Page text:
The Employee Retirement Income Security Act of 1974, commonly referred to as “ERISA” is a federal statute that governs many employer-based benefits such as pensions, IRAs, 401(k)s and other retirement benefits as well as employer-provided insurance benefits such as life insurance, health insurance, dental insurance, disability insurance, etc. Because ERISA is a federal statute, it preempts state law governing similar issues.
In a recent blog article, we reported on a federal court decision which upheld the ERISA presumption in spite of a divorce order which was contrary to the beneficiary designation. In the federal court decision, the court noted that the parties’ divorce agreement provided that the ex-wife did not have any interest in the ex-husband’s retirement accounts. Even the ex-husband was awarded the retirement accounts, he ex-husband never changed the beneficiary designation, which still provided that the ex-wife was the beneficiary of the accounts.. Upon the ex-husband’s death, his estate sued the employer’s plan administrator to get the retirement account benefits as the divorce agreement provided that the funds did not belong to the ex-wife, but instead to the ex-husband’s estate. The federal court sitting in New Hampshire denied the ex-husband’s estate’s claim, stating that the state court order was preempted by federal law and that the plan administrator was proper in paying the funds to the ex-wife, notwithstanding the ex-wife’s agreement in the state court case.
While it is advisable and recommended that beneficiary designations are changed upon divorce, in a recent decision from the New Hampshire Supreme Court may provide an avenue of protection in a situation where the beneficiary designations are not made prior to the death of an ex-spouse. In re the Estate of Lucien Couture, the New Hampshire Supreme Court upheld the imposition of a constructive trust against the beneficiary of an employer-based life insurance. The trial court found that the life insurance beneficiary had deceived the decedent into marrying her even though she was already married or living in a marriage-like relationship with another man and deceiving the decedent that he was the father of her child. The court further found that the life insurance beneficiary deceived the decedent into making her and her daughter the life insurance beneficiary of his employer-based policy.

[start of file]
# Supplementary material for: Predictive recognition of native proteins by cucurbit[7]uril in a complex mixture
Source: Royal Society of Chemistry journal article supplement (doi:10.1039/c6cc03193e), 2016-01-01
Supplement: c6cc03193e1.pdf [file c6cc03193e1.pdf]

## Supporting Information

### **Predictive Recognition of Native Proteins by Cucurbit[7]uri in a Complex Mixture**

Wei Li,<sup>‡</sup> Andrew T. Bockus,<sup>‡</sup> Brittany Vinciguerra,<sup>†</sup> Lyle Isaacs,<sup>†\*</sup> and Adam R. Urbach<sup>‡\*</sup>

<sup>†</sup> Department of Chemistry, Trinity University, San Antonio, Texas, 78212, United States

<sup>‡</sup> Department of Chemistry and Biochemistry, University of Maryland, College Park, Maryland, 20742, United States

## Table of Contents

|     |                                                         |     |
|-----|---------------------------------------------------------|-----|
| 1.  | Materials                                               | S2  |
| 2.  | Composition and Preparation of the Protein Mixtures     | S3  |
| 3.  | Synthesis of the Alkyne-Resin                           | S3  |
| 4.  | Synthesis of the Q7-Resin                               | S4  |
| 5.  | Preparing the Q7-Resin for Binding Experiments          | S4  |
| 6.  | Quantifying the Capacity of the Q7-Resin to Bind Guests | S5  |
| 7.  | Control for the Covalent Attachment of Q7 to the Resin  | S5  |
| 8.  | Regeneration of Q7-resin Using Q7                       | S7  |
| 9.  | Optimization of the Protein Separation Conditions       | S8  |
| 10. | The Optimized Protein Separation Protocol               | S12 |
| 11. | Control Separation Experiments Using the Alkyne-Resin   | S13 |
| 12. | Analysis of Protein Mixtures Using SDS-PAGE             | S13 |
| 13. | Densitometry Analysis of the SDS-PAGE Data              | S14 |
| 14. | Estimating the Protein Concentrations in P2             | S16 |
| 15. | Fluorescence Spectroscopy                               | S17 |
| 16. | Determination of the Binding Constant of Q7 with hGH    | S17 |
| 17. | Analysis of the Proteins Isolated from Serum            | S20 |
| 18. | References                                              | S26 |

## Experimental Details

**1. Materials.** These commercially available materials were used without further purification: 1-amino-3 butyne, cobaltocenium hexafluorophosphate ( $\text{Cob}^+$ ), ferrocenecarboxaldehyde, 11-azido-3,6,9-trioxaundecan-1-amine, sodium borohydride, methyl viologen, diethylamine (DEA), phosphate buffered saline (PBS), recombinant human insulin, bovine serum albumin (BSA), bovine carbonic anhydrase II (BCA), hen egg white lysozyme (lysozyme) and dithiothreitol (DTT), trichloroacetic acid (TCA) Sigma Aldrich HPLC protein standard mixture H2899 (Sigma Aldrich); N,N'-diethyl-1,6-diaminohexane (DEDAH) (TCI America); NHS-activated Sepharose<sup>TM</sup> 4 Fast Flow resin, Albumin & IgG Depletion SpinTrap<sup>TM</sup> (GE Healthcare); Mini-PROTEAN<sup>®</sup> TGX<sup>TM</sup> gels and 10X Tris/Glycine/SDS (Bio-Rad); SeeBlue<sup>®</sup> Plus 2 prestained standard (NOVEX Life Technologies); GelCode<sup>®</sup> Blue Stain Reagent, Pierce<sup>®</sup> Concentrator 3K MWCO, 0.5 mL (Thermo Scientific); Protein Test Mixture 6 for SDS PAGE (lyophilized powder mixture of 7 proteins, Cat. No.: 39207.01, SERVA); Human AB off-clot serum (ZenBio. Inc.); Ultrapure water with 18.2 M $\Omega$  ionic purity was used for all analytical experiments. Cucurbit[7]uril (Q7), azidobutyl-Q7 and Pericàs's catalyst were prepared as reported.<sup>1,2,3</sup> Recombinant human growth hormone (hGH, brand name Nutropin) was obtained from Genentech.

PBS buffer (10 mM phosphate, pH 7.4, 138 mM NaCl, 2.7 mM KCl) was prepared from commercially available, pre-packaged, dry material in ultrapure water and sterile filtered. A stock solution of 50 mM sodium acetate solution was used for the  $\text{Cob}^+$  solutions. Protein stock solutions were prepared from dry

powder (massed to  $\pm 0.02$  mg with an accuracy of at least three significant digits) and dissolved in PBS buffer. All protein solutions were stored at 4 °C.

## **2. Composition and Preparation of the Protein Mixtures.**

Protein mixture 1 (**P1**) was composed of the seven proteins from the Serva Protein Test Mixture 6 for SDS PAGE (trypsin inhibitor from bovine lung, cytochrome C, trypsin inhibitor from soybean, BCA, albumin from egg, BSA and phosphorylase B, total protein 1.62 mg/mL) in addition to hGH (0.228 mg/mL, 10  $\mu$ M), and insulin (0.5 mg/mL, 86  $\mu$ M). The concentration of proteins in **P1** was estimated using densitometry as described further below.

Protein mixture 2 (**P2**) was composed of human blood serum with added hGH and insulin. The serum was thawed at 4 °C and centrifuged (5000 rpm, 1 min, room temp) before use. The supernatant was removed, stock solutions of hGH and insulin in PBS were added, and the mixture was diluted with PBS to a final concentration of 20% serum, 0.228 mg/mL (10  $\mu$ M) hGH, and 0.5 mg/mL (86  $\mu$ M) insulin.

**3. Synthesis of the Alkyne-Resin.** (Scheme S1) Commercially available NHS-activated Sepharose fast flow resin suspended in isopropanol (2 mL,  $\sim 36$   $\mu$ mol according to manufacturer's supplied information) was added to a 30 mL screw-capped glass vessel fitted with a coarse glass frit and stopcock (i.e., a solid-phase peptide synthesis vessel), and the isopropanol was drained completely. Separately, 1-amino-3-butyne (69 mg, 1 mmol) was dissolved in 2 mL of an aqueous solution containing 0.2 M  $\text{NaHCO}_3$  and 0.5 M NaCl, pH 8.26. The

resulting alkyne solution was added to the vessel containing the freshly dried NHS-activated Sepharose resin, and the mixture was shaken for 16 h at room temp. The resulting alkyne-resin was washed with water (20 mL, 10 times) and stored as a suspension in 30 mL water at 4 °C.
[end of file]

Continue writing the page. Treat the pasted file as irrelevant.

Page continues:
Upon the decedent’s death, his estate sued the life insurance beneficiaries, not the employer or the employer’s plan administrator, and sought to impose a constructive trust due to the beneficiary’s deceit in obtaining the proceeds. The beneficiary sought to dismiss the claim, stating that federal law preempted state law from imposing a constructive trust. The New Hampshire Supreme Court upheld the imposition of the constructive trust, stating that ERISA does not prevent a state court from imposing constructive trusts against the person who receives the benefit from the plan administrator. The court noted that once the proceeds are distributed nothing under ERISA prevents a constructive trust being imposed upon the person who received the benefit to determine whether he or she is entitled to keep the benefit. The court noted that there is a fundamental difference between state law claims challenging a plan beneficiaries right to receive the benefit under an ERISA plan against claims that seek to challenge the plan beneficiary’s right to keep the proceeds for the plan.
Notwithstanding the potential remedy provide by the Couture court when a beneficiary designation is not changed consistent with a divorce agreement, it is strongly recommended that the beneficiaries are changed according to the terms of the divorce decree upon divorce because (1) there is no guarantee a trial court will impose a constructive trust in every circumstance; and (2) the cost of obtaining a constructive trust may be very expensive. A subsequent blog article will discuss the state law standard in applying a constructive trust.
If you have any questions regarding to what extent ERISA preempts the requirements of a divorce decree, please contact an attorney at Hamblett & Kerrigan.
Kevin P. Rauseo is a former director at Hamblett & Kerrigan P.A. and has since been appointed as a Justice for the New Hampshire Circuit Court. Please feel free to contact another attorney at Hamblett & Kerrigan to discuss your legal issues.